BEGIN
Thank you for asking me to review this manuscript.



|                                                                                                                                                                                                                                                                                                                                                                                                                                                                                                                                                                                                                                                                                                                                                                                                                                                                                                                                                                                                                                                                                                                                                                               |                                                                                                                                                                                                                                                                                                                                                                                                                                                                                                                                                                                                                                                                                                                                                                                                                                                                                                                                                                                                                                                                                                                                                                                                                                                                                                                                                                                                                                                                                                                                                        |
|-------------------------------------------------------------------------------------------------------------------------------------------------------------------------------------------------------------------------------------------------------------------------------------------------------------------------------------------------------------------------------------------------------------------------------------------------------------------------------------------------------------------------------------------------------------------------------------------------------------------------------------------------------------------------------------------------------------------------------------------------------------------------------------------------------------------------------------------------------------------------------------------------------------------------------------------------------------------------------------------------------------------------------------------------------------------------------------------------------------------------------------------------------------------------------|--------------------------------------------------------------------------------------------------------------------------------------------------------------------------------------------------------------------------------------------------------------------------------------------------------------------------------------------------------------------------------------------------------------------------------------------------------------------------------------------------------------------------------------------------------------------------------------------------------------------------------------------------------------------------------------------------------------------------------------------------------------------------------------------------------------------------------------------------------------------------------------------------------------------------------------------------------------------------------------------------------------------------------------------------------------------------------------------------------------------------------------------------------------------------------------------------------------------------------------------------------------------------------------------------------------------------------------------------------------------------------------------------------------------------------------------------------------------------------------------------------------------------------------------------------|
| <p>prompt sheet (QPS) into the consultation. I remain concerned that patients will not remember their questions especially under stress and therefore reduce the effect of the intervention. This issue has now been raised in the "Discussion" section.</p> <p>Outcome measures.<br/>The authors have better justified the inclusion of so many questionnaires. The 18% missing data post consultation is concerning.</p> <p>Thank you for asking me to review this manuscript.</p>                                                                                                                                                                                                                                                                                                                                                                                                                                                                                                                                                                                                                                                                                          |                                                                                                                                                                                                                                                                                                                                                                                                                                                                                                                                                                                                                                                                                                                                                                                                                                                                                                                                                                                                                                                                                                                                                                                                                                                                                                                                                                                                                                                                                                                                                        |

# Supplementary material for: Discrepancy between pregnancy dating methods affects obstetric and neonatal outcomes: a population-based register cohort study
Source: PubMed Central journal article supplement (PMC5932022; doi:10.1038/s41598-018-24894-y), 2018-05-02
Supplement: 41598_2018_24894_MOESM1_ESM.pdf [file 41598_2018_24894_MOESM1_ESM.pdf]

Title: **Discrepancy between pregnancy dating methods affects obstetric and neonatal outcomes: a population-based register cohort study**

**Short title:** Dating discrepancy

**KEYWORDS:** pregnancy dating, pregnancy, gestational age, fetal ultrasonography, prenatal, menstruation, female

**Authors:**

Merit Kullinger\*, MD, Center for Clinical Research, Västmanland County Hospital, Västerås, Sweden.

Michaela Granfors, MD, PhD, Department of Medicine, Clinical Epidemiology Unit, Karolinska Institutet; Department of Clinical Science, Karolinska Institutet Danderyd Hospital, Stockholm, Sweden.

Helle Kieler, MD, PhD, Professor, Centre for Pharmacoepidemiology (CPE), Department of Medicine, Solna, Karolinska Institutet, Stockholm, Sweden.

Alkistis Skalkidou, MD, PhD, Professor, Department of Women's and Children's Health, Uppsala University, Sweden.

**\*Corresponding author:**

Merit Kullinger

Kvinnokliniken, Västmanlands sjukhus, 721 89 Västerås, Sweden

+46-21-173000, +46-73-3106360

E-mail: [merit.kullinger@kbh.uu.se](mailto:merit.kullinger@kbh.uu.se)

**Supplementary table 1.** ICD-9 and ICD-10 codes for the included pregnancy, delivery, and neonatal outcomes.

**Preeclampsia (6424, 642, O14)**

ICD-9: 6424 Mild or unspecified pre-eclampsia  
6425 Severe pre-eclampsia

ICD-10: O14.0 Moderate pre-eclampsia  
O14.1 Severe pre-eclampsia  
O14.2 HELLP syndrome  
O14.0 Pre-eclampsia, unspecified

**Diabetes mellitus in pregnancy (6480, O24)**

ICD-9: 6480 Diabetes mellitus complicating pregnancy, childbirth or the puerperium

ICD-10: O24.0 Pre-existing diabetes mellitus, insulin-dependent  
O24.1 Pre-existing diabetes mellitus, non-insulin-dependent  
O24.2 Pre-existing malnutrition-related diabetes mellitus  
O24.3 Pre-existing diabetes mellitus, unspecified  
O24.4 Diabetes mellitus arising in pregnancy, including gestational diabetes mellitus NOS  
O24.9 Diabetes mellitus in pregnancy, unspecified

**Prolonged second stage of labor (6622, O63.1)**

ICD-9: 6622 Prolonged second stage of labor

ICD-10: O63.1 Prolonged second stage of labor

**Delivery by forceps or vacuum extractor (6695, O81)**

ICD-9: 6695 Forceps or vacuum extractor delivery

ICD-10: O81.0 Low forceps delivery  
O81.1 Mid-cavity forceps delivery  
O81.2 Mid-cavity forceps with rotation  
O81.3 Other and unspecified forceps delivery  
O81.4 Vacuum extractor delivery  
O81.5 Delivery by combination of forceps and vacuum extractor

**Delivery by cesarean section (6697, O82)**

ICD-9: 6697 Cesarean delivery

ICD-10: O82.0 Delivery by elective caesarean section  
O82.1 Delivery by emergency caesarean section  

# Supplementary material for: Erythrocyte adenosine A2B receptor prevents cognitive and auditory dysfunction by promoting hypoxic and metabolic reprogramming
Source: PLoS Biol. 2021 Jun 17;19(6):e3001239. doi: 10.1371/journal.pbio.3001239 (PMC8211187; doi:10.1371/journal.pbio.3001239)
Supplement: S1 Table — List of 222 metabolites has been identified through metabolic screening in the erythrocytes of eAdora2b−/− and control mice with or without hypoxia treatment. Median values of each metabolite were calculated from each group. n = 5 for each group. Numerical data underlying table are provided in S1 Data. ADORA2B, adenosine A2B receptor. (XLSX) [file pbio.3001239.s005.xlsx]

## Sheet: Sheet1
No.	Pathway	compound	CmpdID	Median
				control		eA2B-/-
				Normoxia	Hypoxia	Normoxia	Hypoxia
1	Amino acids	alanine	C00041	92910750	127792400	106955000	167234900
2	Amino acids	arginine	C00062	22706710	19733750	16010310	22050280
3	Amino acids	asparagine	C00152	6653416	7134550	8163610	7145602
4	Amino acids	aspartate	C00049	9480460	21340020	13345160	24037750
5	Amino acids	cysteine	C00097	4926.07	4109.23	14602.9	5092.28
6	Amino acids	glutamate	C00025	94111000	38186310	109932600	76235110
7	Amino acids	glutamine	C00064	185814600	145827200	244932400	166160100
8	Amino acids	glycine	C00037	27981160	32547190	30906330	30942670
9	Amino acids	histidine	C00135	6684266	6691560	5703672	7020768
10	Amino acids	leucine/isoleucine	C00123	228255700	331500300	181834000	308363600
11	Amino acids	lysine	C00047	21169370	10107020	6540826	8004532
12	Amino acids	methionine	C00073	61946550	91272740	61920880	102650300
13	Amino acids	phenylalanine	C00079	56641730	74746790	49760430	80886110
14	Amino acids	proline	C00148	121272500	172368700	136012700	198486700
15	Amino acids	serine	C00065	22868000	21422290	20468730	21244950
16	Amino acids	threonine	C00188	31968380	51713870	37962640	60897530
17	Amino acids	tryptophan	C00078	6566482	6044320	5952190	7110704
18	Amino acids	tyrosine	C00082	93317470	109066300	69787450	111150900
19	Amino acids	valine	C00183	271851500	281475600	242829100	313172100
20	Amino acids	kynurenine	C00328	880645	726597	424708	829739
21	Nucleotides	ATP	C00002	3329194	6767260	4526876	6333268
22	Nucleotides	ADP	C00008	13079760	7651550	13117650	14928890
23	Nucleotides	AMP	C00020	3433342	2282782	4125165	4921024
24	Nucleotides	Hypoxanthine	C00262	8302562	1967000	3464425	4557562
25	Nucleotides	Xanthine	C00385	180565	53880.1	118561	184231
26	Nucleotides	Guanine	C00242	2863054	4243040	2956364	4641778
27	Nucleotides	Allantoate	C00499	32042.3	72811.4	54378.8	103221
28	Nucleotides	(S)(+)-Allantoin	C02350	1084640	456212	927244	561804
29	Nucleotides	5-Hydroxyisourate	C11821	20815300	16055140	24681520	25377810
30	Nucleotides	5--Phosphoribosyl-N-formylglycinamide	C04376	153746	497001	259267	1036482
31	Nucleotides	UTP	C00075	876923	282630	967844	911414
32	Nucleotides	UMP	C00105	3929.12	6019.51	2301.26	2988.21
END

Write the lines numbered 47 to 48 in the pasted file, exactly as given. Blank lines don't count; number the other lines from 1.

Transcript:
O81.5 Delivery by combination of forceps and vacuum extractor

**Delivery by cesarean section (6697, O82)**